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Any One for a Scotch? - Page 122

post #1816 of 3253
Quote:
Originally Posted by DWFII View Post

I had a Dalwhinnie 15 last night (the missus and I were celebrating our 39th wedding anniversary) [...]
Congratulations!
post #1817 of 3253
I guess I can agree that there is no 'right' way to enjoy whiskey... As long as it tastes good to you and you're kind of keeping the integrity of the whiskey (i.e. not pouring coke in it) you're fine. Drinking whiskey straight is still very difficult to me, but I have been able to drink Jameson on the rocks pretty easily the last week or so.

Of the 4 whiskies I've actually bought at least a fifth of for myself, I'd currently rank them Jameson>Maker's Mark>Jim Bean>Evan Williams. I had a Glenlivet 12 maybe 3 or so years ago so I don't really remember the taste. I think I'm going to work my way up to Scotch because I still can't discern the taste that much between each whiskey unless I'm doing a side-by-side test.
post #1818 of 3253
Well, you may never get next to Scotch, it's not for everyone. And what difference does it make? It's not a requirement for citizenship or admittance into the workforce. smile.gif

But FWIW, whiskey and whisky are two different things. check out this link....and pay particular attention to the paragraph in italics contributed by the editor of the Oxford English dictionary near the bottom of the article.

After all, this is Style Forum.
post #1819 of 3253
I do love Bourbons as well as my Scotch...probably why I tend to lean toward sweeter scotches. Hudson 4 grain is GREAT, I just picked up a bottle of Widow Jane's as well.
post #1820 of 3253
Tried Laphroaig 10 this past weekend.

What is that taste that I'm tasting in there? It's quite different from the other scotches that I've tried. Tasted kind of like a date and kind of medicinal.
post #1821 of 3253
Quote:
Originally Posted by poena View Post

Tried Laphroaig 10 this past weekend.

What is that taste that I'm tasting in there? It's quite different from the other scotches that I've tried. Tasted kind of like a date and kind of medicinal.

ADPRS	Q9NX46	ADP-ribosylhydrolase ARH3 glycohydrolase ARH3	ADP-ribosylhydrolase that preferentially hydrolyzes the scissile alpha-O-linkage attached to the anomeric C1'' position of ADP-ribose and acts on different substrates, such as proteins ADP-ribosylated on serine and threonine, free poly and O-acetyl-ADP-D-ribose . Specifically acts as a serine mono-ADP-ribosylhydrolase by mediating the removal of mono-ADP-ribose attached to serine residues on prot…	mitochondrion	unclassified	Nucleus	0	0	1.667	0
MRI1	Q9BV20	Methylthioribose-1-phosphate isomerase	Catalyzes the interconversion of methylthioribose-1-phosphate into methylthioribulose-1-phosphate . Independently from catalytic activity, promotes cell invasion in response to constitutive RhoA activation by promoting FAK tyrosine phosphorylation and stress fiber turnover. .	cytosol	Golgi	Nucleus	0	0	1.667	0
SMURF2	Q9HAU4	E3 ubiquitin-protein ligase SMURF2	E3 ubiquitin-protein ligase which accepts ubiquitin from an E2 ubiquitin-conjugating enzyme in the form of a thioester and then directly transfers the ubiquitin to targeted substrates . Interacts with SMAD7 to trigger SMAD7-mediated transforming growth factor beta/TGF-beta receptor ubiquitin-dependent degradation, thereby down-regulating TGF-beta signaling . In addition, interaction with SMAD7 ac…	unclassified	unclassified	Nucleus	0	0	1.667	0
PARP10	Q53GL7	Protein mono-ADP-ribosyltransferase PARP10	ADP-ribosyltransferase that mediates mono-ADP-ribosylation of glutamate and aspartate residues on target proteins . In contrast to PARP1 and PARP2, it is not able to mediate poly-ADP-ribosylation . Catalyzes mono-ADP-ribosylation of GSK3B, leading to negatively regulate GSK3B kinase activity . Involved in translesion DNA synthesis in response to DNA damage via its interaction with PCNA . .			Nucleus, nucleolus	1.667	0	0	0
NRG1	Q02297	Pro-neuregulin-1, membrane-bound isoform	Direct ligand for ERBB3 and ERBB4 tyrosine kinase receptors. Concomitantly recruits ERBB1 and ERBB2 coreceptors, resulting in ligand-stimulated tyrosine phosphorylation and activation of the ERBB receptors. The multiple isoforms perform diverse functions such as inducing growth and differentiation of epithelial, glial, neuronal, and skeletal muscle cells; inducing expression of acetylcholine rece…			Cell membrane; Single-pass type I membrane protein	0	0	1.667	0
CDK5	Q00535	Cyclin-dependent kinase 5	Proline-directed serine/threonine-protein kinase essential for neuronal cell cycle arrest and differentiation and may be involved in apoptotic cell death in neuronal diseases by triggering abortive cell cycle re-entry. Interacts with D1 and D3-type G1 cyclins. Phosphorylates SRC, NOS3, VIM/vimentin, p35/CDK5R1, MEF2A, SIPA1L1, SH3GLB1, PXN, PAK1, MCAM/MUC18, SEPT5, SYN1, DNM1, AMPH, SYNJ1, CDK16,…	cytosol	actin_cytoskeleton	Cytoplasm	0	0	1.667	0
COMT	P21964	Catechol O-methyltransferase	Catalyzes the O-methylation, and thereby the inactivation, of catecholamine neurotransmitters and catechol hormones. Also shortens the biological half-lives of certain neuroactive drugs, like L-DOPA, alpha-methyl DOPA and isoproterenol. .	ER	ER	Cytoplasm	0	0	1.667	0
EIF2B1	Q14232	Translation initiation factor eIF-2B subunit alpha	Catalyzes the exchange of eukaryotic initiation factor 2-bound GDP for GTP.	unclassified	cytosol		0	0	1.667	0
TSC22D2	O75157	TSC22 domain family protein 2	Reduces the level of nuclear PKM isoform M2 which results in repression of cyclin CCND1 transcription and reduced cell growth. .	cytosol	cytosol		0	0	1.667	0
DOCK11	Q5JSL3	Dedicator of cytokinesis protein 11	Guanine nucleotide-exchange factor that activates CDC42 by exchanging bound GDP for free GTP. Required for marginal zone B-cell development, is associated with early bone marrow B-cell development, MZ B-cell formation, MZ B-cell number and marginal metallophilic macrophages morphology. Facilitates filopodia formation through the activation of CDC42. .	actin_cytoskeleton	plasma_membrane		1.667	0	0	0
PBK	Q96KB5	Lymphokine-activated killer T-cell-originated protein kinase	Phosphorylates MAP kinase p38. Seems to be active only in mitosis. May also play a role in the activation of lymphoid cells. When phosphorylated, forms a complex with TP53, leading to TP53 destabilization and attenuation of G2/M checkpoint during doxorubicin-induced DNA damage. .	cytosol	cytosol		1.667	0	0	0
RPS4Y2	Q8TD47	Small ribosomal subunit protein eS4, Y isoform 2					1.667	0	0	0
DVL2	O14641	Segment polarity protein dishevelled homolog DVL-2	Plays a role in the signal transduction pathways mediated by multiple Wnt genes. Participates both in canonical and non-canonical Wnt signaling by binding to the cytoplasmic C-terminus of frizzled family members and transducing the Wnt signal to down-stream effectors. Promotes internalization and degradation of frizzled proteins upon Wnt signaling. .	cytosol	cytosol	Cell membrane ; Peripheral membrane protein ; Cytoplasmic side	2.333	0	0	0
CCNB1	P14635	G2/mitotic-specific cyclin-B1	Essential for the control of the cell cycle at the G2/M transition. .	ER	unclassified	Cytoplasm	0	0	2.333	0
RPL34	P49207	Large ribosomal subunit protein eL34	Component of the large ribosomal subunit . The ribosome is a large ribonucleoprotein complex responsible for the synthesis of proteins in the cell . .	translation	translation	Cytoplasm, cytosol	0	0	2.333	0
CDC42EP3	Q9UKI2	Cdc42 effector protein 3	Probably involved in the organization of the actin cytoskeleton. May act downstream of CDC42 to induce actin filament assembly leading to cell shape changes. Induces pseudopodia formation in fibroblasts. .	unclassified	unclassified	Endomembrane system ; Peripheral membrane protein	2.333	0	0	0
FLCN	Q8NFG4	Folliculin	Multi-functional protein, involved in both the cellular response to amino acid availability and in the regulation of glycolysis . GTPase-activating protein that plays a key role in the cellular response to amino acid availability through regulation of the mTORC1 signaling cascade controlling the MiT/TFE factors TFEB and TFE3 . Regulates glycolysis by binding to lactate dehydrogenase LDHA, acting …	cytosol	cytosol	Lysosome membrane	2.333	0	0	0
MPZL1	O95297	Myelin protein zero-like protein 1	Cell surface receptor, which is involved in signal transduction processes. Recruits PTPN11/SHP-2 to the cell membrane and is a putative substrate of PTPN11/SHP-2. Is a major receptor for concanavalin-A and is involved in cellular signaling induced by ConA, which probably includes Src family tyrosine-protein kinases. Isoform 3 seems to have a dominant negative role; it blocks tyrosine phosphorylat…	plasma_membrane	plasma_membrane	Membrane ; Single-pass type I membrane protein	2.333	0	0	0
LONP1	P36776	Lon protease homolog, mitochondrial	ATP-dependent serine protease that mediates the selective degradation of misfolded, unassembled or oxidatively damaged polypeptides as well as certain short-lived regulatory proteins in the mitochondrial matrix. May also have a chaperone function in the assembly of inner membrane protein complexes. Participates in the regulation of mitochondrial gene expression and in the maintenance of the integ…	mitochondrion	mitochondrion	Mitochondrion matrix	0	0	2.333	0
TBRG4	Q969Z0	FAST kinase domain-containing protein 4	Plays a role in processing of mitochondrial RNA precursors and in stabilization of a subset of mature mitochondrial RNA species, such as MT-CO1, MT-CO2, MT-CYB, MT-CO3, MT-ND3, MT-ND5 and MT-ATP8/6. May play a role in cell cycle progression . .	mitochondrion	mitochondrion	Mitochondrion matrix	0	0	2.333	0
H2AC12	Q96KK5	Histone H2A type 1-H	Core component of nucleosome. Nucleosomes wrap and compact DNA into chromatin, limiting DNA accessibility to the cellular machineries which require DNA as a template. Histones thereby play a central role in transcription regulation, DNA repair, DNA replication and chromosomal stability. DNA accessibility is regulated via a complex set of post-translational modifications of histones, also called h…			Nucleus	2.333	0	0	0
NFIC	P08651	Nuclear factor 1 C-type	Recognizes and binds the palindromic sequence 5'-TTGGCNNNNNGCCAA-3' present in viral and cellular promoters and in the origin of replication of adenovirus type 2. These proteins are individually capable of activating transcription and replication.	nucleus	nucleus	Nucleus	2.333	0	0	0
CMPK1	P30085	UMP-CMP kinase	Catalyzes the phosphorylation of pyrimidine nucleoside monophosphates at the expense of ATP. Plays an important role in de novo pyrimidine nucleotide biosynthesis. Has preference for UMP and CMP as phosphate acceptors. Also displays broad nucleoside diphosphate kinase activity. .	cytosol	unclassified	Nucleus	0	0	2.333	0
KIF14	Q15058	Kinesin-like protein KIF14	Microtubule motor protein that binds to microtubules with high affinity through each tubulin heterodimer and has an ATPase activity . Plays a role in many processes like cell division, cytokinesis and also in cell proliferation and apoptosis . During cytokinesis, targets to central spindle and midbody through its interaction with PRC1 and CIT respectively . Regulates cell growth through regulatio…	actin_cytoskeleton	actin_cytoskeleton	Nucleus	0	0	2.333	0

Laphroig is an Islay. Most Islays have their barley dried over burning peat, absorbing that "peat reek" and smoke flavor.

Many Scotches outside of Islay display peat and smoke notes to a degree, but the Islays are the standard-bearers for peat and smoke.

Personally, I love them, especially during the winter.
post #1822 of 3253
Quote:
Originally Posted by aravenel View Post

Laphroig is an Islay. Most Islays have their barley dried over burning peat, absorbing that "peat reek" and smoke flavor.

Many Scotches outside of Islay display peat and smoke notes to a degree, but the Islays are the standard-bearers for peat and smoke.

Personally, I love them, especially during the winter.

Well I have Lagavulin 16 at home and Bunnahaibhain 12 at home also and enjoy both. The Laphroig just had a slightly different flavor. Hard to pinpoint.

I'm still new to drinking scotch so pardon my questions!
post #1823 of 3253
Quote:
Originally Posted by poena View Post

Well I have Lagavulin 16 at home and Bunnahaibhain 12 at home also and enjoy both. The Laphroig just had a slightly different flavor. Hard to pinpoint.

I'm still new to drinking scotch so pardon my questions!


Making beer and making malt whisky share a common beginning--malted barley. To make Scotch barley must be "malted"--this entails moistening the barley so that it begins to sprout. There is an enzymatic process that is initiated by the sprouting that converts the starch in the barley to maltose. The sprouting process must be stopped before it goes too far, however and this means roasting and drying the malted barley over the malting floor and/or in peat fired kilns. That's a simplified version and the details maybe slightly different depending on the distillery and the fashions of the day.

Most of the distilleries in the islands dry their barley over peat fires. Some in the Highlands still do this, also and most in the Speyside and the Lowlands dry their barley over coke. (anthracite coal)

Every place, every island, has a little different vegetation. But while the peat in Scotland is mainly spagnum moss, there's woody materials such as heather in some locales, not so much in others. So the peat in these places differs and the flavours the smoke from the peat imparts is different...unique, actually. But peat is the traditional fuel and the standard by which all single malt Scotch is measured simply because Scotch is commonly regarded as having a smokey character...even if it doesn't have any.

Island malts can have as much as fifteen times the amount of peat reek (as expressed in parts per million of phenols) as Speyside or Lowland malts. Island malts also have the salt spray which permeates the peat and perhaps a bit of kelp worked in there as well. So you may get iodine and other medicinal flavours.

Ardbeg and Laphroig, in that order, are generally regarded the most heavily peated malts.

No pardon necessary...

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Edited by DWFII - 1/14/13 at 1:45pm
post #1824 of 3253
Quote:
Originally Posted by DWFII View Post

Warning: Spoiler! (Click to show)